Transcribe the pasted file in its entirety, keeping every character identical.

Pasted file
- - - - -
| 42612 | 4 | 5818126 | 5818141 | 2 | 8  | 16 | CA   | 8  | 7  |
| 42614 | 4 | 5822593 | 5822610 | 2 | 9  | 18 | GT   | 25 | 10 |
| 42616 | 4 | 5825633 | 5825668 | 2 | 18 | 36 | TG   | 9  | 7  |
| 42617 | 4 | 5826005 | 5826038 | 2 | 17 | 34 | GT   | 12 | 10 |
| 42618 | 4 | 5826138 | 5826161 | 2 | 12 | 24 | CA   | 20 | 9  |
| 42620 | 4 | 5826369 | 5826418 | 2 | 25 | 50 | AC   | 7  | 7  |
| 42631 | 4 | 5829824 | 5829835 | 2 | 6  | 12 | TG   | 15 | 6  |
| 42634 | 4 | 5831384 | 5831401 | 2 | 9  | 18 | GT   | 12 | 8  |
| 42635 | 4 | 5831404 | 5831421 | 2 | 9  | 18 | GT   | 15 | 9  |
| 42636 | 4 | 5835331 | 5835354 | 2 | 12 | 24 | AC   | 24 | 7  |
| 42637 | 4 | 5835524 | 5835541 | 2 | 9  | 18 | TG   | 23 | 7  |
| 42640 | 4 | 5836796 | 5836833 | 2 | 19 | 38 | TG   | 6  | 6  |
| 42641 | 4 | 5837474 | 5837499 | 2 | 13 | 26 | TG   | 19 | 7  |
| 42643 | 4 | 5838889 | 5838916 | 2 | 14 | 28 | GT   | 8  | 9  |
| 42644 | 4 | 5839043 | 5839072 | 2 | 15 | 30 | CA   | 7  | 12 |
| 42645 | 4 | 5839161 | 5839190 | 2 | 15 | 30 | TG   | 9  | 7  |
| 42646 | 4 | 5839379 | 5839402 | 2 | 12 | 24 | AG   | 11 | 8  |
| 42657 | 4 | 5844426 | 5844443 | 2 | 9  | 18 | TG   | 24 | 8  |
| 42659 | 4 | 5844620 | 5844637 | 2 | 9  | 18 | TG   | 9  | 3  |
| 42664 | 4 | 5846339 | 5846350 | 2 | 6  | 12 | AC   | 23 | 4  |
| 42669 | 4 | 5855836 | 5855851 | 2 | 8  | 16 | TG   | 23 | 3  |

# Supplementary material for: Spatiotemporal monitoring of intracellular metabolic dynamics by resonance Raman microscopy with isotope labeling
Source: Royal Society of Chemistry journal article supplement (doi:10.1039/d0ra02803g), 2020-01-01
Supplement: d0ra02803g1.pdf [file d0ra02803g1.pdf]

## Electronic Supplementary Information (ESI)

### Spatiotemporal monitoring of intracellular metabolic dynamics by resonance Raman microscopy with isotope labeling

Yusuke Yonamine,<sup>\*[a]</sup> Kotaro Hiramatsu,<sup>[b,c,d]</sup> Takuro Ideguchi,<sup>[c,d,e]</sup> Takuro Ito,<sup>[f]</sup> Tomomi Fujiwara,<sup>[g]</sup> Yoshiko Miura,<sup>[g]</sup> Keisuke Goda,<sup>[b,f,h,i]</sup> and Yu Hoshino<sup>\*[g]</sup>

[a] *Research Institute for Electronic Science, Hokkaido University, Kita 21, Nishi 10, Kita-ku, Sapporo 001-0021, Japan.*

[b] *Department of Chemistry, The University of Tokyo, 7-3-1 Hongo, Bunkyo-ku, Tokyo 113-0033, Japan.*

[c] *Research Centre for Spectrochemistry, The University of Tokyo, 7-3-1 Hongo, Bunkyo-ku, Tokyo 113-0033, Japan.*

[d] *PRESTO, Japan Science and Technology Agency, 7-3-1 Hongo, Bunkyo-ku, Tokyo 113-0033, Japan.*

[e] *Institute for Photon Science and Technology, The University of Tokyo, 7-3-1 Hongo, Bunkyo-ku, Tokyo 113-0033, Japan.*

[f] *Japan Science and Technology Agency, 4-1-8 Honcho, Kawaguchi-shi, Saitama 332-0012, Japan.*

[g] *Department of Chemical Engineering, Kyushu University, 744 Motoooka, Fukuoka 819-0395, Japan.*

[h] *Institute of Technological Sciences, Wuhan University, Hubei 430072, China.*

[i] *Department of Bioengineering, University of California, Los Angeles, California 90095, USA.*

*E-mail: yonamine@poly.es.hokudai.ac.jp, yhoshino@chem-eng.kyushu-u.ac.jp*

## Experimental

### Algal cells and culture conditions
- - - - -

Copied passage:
| 42612 | 4 | 5818126 | 5818141 | 2 | 8  | 16 | CA   | 8  | 7  |
| 42614 | 4 | 5822593 | 5822610 | 2 | 9  | 18 | GT   | 25 | 10 |
| 42616 | 4 | 5825633 | 5825668 | 2 | 18 | 36 | TG   | 9  | 7  |
| 42617 | 4 | 5826005 | 5826038 | 2 | 17 | 34 | GT   | 12 | 10 |
| 42618 | 4 | 5826138 | 5826161 | 2 | 12 | 24 | CA   | 20 | 9  |
| 42620 | 4 | 5826369 | 5826418 | 2 | 25 | 50 | AC   | 7  | 7  |
| 42631 | 4 | 5829824 | 5829835 | 2 | 6  | 12 | TG   | 15 | 6  |
| 42634 | 4 | 5831384 | 5831401 | 2 | 9  | 18 | GT   | 12 | 8  |
| 42635 | 4 | 5831404 | 5831421 | 2 | 9  | 18 | GT   | 15 | 9  |
| 42636 | 4 | 5835331 | 5835354 | 2 | 12 | 24 | AC   | 24 | 7  |
| 42637 | 4 | 5835524 | 5835541 | 2 | 9  | 18 | TG   | 23 | 7  |
| 42640 | 4 | 5836796 | 5836833 | 2 | 19 | 38 | TG   | 6  | 6  |
| 42641 | 4 | 5837474 | 5837499 | 2 | 13 | 26 | TG   | 19 | 7  |
| 42643 | 4 | 5838889 | 5838916 | 2 | 14 | 28 | GT   | 8  | 9  |
| 42644 | 4 | 5839043 | 5839072 | 2 | 15 | 30 | CA   | 7  | 12 |
| 42645 | 4 | 5839161 | 5839190 | 2 | 15 | 30 | TG   | 9  | 7  |
| 42646 | 4 | 5839379 | 5839402 | 2 | 12 | 24 | AG   | 11 | 8  |
| 42657 | 4 | 5844426 | 5844443 | 2 | 9  | 18 | TG   | 24 | 8  |
| 42659 | 4 | 5844620 | 5844637 | 2 | 9  | 18 | TG   | 9  | 3  |
| 42664 | 4 | 5846339 | 5846350 | 2 | 6  | 12 | AC   | 23 | 4  |
| 42669 | 4 | 5855836 | 5855851 | 2 | 8  | 16 | TG   | 23 | 3  |

# Supplementary material for: Spatiotemporal monitoring of intracellular metabolic dynamics by resonance Raman microscopy with isotope labeling
Source: Royal Society of Chemistry journal article supplement (doi:10.1039/d0ra02803g), 2020-01-01
Supplement: d0ra02803g1.pdf [file d0ra02803g1.pdf]

## Electronic Supplementary Information (ESI)

### Spatiotemporal monitoring of intracellular metabolic dynamics by resonance Raman microscopy with isotope labeling

Yusuke Yonamine,<sup>\*[a]</sup> Kotaro Hiramatsu,<sup>[b,c,d]</sup> Takuro Ideguchi,<sup>[c,d,e]</sup> Takuro Ito,<sup>[f]</sup> Tomomi Fujiwara,<sup>[g]</sup> Yoshiko Miura,<sup>[g]</sup> Keisuke Goda,<sup>[b,f,h,i]</sup> and Yu Hoshino<sup>\*[g]</sup>

[a] *Research Institute for Electronic Science, Hokkaido University, Kita 21, Nishi 10, Kita-ku, Sapporo 001-0021, Japan.*

[b] *Department of Chemistry, The University of Tokyo, 7-3-1 Hongo, Bunkyo-ku, Tokyo 113-0033, Japan.*

[c] *Research Centre for Spectrochemistry, The University of Tokyo, 7-3-1 Hongo, Bunkyo-ku, Tokyo 113-0033, Japan.*

[d] *PRESTO, Japan Science and Technology Agency, 7-3-1 Hongo, Bunkyo-ku, Tokyo 113-0033, Japan.*

[e] *Institute for Photon Science and Technology, The University of Tokyo, 7-3-1 Hongo, Bunkyo-ku, Tokyo 113-0033, Japan.*

[f] *Japan Science and Technology Agency, 4-1-8 Honcho, Kawaguchi-shi, Saitama 332-0012, Japan.*

[g] *Department of Chemical Engineering, Kyushu University, 744 Motoooka, Fukuoka 819-0395, Japan.*

[h] *Institute of Technological Sciences, Wuhan University, Hubei 430072, China.*

[i] *Department of Bioengineering, University of California, Los Angeles, California 90095, USA.*

*E-mail: yonamine@poly.es.hokudai.ac.jp, yhoshino@chem-eng.kyushu-u.ac.jp*

## Experimental

### Algal cells and culture conditions